We've had this conversation before; I think the world of bonsai is big enough for all of us. But, I've been told before that if you're not willing to spend hundreds of dollars on a piece of stock and hone your skills to perfection you don't belong in the art. It's ok to hold that opinion. It's not unique to bonsai, either. There are polar extremes at my gun club, too, where some think it should only be for competitive shooters and complain about other members who only show up once or twice a year to get in some basic practice.
I agree. I had one guy ( and only 1 guy) admit that he liked the "idea" of bonsai, but not so much all the sacrifices you must make to have and grow them. People like that may, one day ,think it IS worth the sacrifice. But, I really can side with the really dedicated bonsai aritists for whom bonsai is a MAJOR part of their lives. But some people would like to "dabble" in the hobby and not feel like they are a failure at some level.
Which brings me to the declarations like "That is not a bonsai." as if, a tree that is not at the pinnacle of it's potential it is not even worth being called a bonsai, but some other derogatory term, such as "stick in a pot", or "topiary". And a person absolutely has a right to his opinion on what constitutes a bonsai TO HIM. I am just put off by those kinds of remarks because they are a declaration of FACT, not of opinion. One definition of "bonsai" uses terms like "training, pruning, cultivating,growing". The "...ing" on the ends of those words translates to a process.......not a finished product. In my opinion, trees that are in that process ARE bonsai. My opinion......nothing more. Your opinion may vary, and there's nothing wrong with that.
 

Forsoothe!

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Whoever said "You can't argue with success." obviously has never been on Bonsai Nut. Walter seemed to make it very plain that this procedure has worked for him for years. He also warned of the things that have to be in place for it to work. He ALSO said that he wasn't recommending anyone try this procedure.....only that it worked for him. How on earth can anyone actually reading his post have any arguement with it? Now, after the sordid remarks he received, I really don't blame him for getting a bit defensive.
A significant percentage of the old guard here should be on "Ignore" if you don't want to see overbearing, condescending, belittling comments intended to insult and burnish their own image by comparison, by diminishing other's.

Walter speaks directly, argues against some methods and for others, but doesn't do it at the personal expense of anyone.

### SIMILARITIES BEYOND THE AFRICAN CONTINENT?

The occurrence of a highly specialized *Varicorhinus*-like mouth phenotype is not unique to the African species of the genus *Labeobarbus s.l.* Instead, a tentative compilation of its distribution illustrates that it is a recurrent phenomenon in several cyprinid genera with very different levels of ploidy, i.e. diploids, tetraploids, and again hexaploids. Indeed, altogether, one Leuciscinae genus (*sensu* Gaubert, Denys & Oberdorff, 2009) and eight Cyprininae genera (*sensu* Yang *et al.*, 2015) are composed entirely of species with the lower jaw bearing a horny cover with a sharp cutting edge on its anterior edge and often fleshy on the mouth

Jorow99

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Yes, I've (so slowly) come to understand that. I will offer to you that in our tended pot culture it is not much, if any, effect. I've overdone root work in repotting that took an entire season for the trees to recover from. However, my instinct is that the roots recover in a couple of weeks of a properly done repot. I measured stem thicknesses of at least 8 trees of several species through the season. Week by week stem thicken more and more as spring progresses. Then shortly after the summer solstice this rate declines, week by week until cold dormancy sets in. Half of each species of tree was repotted in Aug/Sep and there was no significant disruption of the growth curve from the other trees that were repotted in spring. My repotting routine was to wash all the substrate out of the roots (done to weigh the young trees), invert the plastic nursery pots they were in, pruning the roots to the perimeter of the pot base, and then repotting the tree. The amount of root pruning is roughly equivalent to what I think to be normal practice with bonsai.

So, I don't think that what we do generally leads to the effects you were speculating, at least not to a significant degree.

I think everyone's concern about late summer or fall root pruning is that it may interfere with generating cold hardiness. This story from Brent Walston of evergreengardenworks.com is the icon for this.
Really cool that you measures the trunk thickness to try to figure that out, is love to see the data if you have it in another thread. The fall tissue growth would be much harder to measure since the vessels and tracheids are smaller, so I think to see any difference in the amount of fall tissue added we would need a lot of trees to measure. Or maybe the tree prioritizes the fall xylem over new roots regardless.

So why does it matter when roots are pruned in late summer?
I think everyone's concern about late summer or fall root pruning is that it may interfere with generating cold hardiness.
 

Jorow99

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With all due respect, because I really appreciate what is being broken down here, and the efforts to further these concepts with even more clarity, but I take issue with the use of the word wood.